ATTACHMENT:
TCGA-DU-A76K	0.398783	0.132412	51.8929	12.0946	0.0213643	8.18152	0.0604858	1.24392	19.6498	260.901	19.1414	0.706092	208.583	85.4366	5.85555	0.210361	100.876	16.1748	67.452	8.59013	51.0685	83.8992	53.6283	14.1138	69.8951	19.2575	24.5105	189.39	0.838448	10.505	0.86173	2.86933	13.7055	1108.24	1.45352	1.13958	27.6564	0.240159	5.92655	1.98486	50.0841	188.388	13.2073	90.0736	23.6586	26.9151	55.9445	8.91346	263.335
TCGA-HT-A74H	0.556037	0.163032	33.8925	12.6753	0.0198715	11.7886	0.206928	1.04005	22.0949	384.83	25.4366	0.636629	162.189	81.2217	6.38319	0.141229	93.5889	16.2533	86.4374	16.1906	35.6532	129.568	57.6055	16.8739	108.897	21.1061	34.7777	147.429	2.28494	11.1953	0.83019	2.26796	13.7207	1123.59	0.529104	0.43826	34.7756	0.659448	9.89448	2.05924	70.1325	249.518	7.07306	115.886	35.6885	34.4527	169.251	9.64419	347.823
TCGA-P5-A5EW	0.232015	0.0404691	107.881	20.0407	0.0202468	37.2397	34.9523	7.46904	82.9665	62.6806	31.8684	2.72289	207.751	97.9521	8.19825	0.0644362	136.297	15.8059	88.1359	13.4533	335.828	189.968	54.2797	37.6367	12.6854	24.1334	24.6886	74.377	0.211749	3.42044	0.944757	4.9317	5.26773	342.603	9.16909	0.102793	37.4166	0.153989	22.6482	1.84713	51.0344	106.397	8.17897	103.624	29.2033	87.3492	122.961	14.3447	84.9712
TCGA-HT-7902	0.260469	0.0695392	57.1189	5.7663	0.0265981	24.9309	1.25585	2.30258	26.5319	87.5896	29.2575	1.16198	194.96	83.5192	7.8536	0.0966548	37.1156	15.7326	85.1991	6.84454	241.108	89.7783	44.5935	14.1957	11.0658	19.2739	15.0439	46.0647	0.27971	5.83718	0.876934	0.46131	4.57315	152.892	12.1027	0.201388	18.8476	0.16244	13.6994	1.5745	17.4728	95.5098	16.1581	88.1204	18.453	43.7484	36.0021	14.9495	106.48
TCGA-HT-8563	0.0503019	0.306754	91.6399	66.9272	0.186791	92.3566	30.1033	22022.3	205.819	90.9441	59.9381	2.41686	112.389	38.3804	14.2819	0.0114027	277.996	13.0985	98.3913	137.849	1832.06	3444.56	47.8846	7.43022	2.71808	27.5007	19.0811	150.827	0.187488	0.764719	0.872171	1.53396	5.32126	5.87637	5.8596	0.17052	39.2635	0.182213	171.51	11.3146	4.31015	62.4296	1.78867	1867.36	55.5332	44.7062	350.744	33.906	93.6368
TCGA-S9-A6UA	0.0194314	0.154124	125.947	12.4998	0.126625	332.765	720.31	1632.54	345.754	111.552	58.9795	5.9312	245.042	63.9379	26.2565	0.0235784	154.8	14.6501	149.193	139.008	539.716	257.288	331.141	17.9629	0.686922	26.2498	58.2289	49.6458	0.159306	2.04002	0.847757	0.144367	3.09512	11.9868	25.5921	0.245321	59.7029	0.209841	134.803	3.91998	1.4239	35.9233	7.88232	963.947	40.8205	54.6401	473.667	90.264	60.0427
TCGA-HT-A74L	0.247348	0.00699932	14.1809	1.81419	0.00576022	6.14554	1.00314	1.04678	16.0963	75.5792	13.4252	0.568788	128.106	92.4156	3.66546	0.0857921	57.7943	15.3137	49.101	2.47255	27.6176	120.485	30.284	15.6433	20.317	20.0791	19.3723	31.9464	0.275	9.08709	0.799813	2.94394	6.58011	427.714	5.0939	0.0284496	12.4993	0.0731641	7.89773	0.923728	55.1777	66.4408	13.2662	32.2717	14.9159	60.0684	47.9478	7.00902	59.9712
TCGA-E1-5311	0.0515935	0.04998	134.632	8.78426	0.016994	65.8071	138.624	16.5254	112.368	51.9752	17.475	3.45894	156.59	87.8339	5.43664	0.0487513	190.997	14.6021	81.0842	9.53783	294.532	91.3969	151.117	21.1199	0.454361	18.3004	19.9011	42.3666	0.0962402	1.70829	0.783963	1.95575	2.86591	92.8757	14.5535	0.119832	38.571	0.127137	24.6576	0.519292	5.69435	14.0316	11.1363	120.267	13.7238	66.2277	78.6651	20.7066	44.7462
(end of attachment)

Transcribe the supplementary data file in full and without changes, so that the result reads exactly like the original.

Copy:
TCGA-DU-A76K	0.398783	0.132412	51.8929	12.0946	0.0213643	8.18152	0.0604858	1.24392	19.6498	260.901	19.1414	0.706092	208.583	85.4366	5.85555	0.210361	100.876	16.1748	67.452	8.59013	51.0685	83.8992	53.6283	14.1138	69.8951	19.2575	24.5105	189.39	0.838448	10.505	0.86173	2.86933	13.7055	1108.24	1.45352	1.13958	27.6564	0.240159	5.92655	1.98486	50.0841	188.388	13.2073	90.0736	23.6586	26.9151	55.9445	8.91346	263.335
TCGA-HT-A74H	0.556037	0.163032	33.8925	12.6753	0.0198715	11.7886	0.206928	1.04005	22.0949	384.83	25.4366	0.636629	162.189	81.2217	6.38319	0.141229	93.5889	16.2533	86.4374	16.1906	35.6532	129.568	57.6055	16.8739	108.897	21.1061	34.7777	147.429	2.28494	11.1953	0.83019	2.26796	13.7207	1123.59	0.529104	0.43826	34.7756	0.659448	9.89448	2.05924	70.1325	249.518	7.07306	115.886	35.6885	34.4527	169.251	9.64419	347.823
TCGA-P5-A5EW	0.232015	0.0404691	107.881	20.0407	0.0202468	37.2397	34.9523	7.46904	82.9665	62.6806	31.8684	2.72289	207.751	97.9521	8.19825	0.0644362	136.297	15.8059	88.1359	13.4533	335.828	189.968	54.2797	37.6367	12.6854	24.1334	24.6886	74.377	0.211749	3.42044	0.944757	4.9317	5.26773	342.603	9.16909	0.102793	37.4166	0.153989	22.6482	1.84713	51.0344	106.397	8.17897	103.624	29.2033	87.3492	122.961	14.3447	84.9712
TCGA-HT-7902	0.260469	0.0695392	57.1189	5.7663	0.0265981	24.9309	1.25585	2.30258	26.5319	87.5896	29.2575	1.16198	194.96	83.5192	7.8536	0.0966548	37.1156	15.7326	85.1991	6.84454	241.108	89.7783	44.5935	14.1957	11.0658	19.2739	15.0439	46.0647	0.27971	5.83718	0.876934	0.46131	4.57315	152.892	12.1027	0.201388	18.8476	0.16244	13.6994	1.5745	17.4728	95.5098	16.1581	88.1204	18.453	43.7484	36.0021	14.9495	106.48
TCGA-HT-8563	0.0503019	0.306754	91.6399	66.9272	0.186791	92.3566	30.1033	22022.3	205.819	90.9441	59.9381	2.41686	112.389	38.3804	14.2819	0.0114027	277.996	13.0985	98.3913	137.849	1832.06	3444.56	47.8846	7.43022	2.71808	27.5007	19.0811	150.827	0.187488	0.764719	0.872171	1.53396	5.32126	5.87637	5.8596	0.17052	39.2635	0.182213	171.51	11.3146	4.31015	62.4296	1.78867	1867.36	55.5332	44.7062	350.744	33.906	93.6368
TCGA-S9-A6UA	0.0194314	0.154124	125.947	12.4998	0.126625	332.765	720.31	1632.54	345.754	111.552	58.9795	5.9312	245.042	63.9379	26.2565	0.0235784	154.8	14.6501	149.193	139.008	539.716	257.288	331.141	17.9629	0.686922	26.2498	58.2289	49.6458	0.159306	2.04002	0.847757	0.144367	3.09512	11.9868	25.5921	0.245321	59.7029	0.209841	134.803	3.91998	1.4239	35.9233	7.88232	963.947	40.8205	54.6401	473.667	90.264	60.0427
TCGA-HT-A74L	0.247348	0.00699932	14.1809	1.81419	0.00576022	6.14554	1.00314	1.04678	16.0963	75.5792	13.4252	0.568788	128.106	92.4156	3.66546	0.0857921	57.7943	15.3137	49.101	2.47255	27.6176	120.485	30.284	15.6433	20.317	20.0791	19.3723	31.9464	0.275	9.08709	0.799813	2.94394	6.58011	427.714	5.0939	0.0284496	12.4993	0.0731641	7.89773	0.923728	55.1777	66.4408	13.2662	32.2717	14.9159	60.0684	47.9478	7.00902	59.9712
TCGA-E1-5311	0.0515935	0.04998	134.632	8.78426	0.016994	65.8071	138.624	16.5254	112.368	51.9752	17.475	3.45894	156.59	87.8339	5.43664	0.0487513	190.997	14.6021	81.0842	9.53783	294.532	91.3969	151.117	21.1199	0.454361	18.3004	19.9011	42.3666	0.0962402	1.70829	0.783963	1.95575	2.86591	92.8757	14.5535	0.119832	38.571	0.127137	24.6576	0.519292	5.69435	14.0316	11.1363	120.267	13.7238	66.2277	78.6651	20.7066	44.7462